Contamination of primary bone marrow endothelial cells is common with macrophages, fibroblasts if incubated cells for more than 24 h. To avoid that, try to harvest cells less than a 24-h incubation and repeat passage for the cells twice via the column.

  4. 4.

    The endothelial growth factor media are susceptible to infection and have an excellent working sterile environment key to get optimal results.

  5. 5.

    The primary bone marrow endothelial cells have difficulties attached to the glass slide for immunofluorescence staining for this procedure using 48 or 96 wells to get optimal results.

Availability of data and materials

All relevant data in the study are included in the article; further inquiries can be directed to the corresponding authors.

Abbreviations

BMECs:

Bone marrow endothelial cells

ECs:

Endothelial cells

1 (ICAM-1):

Intracellular adhesion molecule

1 (VCAM-1):

Vascular adhesion molecule

ESAM:

Vascular endothelial selectin adhesion molecules

VE-cadherin:

Vascular endothelial cadherin molecule

EDTA:

Ethylenediaminetetraacetic acid

CD:

The cluster of differentiation

DPBS:

Dulbecco’s phosphate buffer solution

GAPDH:

Glyceraldehyde-3-phosphate dehydrogenase

VEGFR2:

Vascular endothelial cells growth factor receptor

ESAM:

Endothelial selective adhesion molecule

VE-Cadherin:

Vascular endothelial cadherin

References

  1. 1.

    Mendelson A, Frenette PS. Hematopoietic stem cell niche maintenance during homeostasis and regeneration. Nat Med. 2014;20(8):833–46. https://doi.org/10.1038/nm.3647.

  2. 2.

    Gattazzo F, Urciuolo A, Bonaldo P. Extracellular matrix: a dynamic microenvironment for stem cell niche. Biochimica et Biophysica Acta - General Subjects. 2014;1840(8):2506–19. https://doi.org/10.1016/j.bbagen.2014.01.010.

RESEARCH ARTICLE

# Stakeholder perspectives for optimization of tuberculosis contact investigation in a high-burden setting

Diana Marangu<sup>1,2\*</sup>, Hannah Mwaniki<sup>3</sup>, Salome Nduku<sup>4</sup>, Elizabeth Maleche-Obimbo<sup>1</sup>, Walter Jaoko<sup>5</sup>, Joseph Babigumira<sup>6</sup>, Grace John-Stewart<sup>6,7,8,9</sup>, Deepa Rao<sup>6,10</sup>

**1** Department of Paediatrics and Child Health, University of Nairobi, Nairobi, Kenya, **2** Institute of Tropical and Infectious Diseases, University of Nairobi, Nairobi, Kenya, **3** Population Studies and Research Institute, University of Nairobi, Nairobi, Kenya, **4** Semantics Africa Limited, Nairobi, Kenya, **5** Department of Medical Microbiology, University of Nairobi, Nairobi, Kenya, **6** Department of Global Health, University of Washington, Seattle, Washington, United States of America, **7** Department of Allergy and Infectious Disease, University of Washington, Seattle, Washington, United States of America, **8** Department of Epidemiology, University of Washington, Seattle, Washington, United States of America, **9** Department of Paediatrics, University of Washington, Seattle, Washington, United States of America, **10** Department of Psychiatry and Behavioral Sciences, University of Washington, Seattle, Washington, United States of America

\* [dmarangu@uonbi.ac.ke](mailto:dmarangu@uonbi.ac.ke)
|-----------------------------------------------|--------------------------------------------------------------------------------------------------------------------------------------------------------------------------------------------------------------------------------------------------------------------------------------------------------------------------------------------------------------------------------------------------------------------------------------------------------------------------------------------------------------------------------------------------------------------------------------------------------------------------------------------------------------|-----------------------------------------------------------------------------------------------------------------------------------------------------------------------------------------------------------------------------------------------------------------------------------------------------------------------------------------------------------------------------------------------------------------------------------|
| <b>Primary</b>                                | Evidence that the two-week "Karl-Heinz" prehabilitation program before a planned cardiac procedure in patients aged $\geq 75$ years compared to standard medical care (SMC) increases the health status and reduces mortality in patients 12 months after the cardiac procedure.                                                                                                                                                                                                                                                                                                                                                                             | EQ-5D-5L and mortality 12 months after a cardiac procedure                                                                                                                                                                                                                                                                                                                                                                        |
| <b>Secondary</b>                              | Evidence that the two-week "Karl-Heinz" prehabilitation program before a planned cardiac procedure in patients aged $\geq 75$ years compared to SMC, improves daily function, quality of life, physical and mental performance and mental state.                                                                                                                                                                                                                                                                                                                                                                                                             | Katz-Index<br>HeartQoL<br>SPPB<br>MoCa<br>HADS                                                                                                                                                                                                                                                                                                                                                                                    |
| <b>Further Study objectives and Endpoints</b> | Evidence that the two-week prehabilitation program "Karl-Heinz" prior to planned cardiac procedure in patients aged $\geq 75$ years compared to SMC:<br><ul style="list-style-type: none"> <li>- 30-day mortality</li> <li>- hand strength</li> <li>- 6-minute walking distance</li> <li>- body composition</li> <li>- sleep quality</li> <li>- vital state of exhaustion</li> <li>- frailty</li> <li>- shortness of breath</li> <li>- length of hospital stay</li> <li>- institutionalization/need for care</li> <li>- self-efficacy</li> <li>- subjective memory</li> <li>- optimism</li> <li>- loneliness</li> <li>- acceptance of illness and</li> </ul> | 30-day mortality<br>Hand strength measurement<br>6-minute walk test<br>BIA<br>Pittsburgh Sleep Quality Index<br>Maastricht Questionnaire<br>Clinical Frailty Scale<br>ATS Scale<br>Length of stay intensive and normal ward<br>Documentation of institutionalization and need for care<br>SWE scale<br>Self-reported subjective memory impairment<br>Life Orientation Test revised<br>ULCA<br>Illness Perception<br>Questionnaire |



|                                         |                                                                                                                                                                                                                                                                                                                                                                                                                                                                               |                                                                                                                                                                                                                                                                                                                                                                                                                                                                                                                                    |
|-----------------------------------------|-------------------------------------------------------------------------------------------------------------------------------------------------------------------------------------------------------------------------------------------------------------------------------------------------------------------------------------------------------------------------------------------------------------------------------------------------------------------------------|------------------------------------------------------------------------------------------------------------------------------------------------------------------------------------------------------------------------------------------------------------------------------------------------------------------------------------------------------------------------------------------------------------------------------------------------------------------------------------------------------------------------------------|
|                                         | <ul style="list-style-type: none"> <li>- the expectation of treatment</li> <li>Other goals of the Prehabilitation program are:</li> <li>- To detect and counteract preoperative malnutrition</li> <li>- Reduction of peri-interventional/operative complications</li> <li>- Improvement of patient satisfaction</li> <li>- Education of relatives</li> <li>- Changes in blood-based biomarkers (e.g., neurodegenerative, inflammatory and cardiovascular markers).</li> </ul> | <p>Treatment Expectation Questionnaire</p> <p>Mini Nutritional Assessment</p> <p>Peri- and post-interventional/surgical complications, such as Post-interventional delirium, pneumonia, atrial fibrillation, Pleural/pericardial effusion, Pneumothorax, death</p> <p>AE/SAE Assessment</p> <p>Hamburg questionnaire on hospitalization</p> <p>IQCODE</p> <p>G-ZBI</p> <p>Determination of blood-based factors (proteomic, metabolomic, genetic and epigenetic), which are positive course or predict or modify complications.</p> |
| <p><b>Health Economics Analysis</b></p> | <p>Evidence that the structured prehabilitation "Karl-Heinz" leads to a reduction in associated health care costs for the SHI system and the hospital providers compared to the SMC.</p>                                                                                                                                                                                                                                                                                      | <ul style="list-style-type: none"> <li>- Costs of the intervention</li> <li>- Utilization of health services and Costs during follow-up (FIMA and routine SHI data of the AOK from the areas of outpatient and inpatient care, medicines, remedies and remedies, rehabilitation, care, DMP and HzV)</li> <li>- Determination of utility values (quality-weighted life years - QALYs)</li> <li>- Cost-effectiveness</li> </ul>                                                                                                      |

Google Scholar 

  3. 3.

    Makó V, Czúcz J, Weiszhár Z, Herczenik E, Matkó J, Prohászka Z, et al. Proinflammatory activation pattern of human umbilical vein endothelial cells induced by IL-1β, TNF-α, and LPS. Cytom Part A. 2010;77A(10):962–70. https://doi.org/10.1002/cyto.a.20952.

    Google Scholar 

  4. 4.

    Boulais PE, Frenette PS. making sense of hematopoietic stem cell niches. Blood. 2015;125(17):2621–9. https://doi.org/10.1182/blood-2014-09-570192.

  5. 5.

    Itkin T, Gur Cohen S, Spencer JA, Schajnovitz A, Ramasamy SK, Kusumbe AP, et al. Distinct bone marrow blood vessels differentially regulate normal and malignant hematopoietic stem and progenitor cells. Blood. 2015;126(23):664. https://doi.org/10.1182/blood.V126.23.664.664.

  6. 6.

    Kopp HG, Hooper AT, Avecilla ST, Rafii S. Functional heterogeneity of the bone marrow vascular niche. In: Annals of the New York Academy of Sciences; 2009.

    Google Scholar 

  7. 7.

    Kunisaki Y, Bruns I, Scheiermann C, Pinho S, Zhang D, Frenette PS. Bone marrow arteriolar niches maintain hematopoietic stem cell quiescence. Blood. 2012;120(21):638. https://doi.org/10.1182/blood.V120.21.638.638.

  8. 8.

    Reglero-Real N, Colom B, Bodkin JV, Nourshargh S. Endothelial cell junctional adhesion molecules. Arterioscler Thromb Vasc Biol. 2016;36(10):2048–57. https://doi.org/10.1161/ATVBAHA.116.307610.

  9. 9.

    Winkler IG, Barbier V, Nowlan B, Jacobsen RN, Forristal CE, Patton JT, et al. Vascular niche E-selectin regulates hematopoietic stem cell dormancy, self-renewal and chemoresistance. Nat Med. 2012;18:1651–7. https://doi.org/10.1038/nm.2969.

  10. 10.

    Wang J, Niu N, Xu S, Jin ZG. A simple protocol for isolating mouse lung endothelial cells. Sci Rep. 2019;9:1458. https://doi.org/10.1038/s41598-018-37130-4.

  11. 11.

    Hooper AT, Butler JM, Nolan DJ, Kranz A, Iida K, Kobayashi M, et al. Engraftment and reconstitution of hematopoiesis is dependent on VEGFR2-mediated regeneration of sinusoidal endothelial cells. Cell Stem Cell. 2009;4(3):263–74. https://doi.org/10.1016/j.stem.2009.01.006.

    Google Scholar 

  12. 12.

    Arnaoutova I, Kleinman HK, George J, Benton G. The in vitro endothelial cell tube formation assay in 3D culture on gelled basement membrane extract. In: The Textbook of Angiogenesis and Lymphangiogenesis: Methods and Applications; 2012. https://doi.org/10.1007/978-94-007-4581-0_1.

    Google Scholar 

  13. 13.

    McCourt PAG, Oteiza A, Cao B, Nilsson SK. Isolation of murine bone marrow scavenging sinusoidal endothelial cells. Methods Mol Biol. 2015. Humana Press. https://doi.org/10.1007/978-1-4939-1785-3_6.

  14. 14.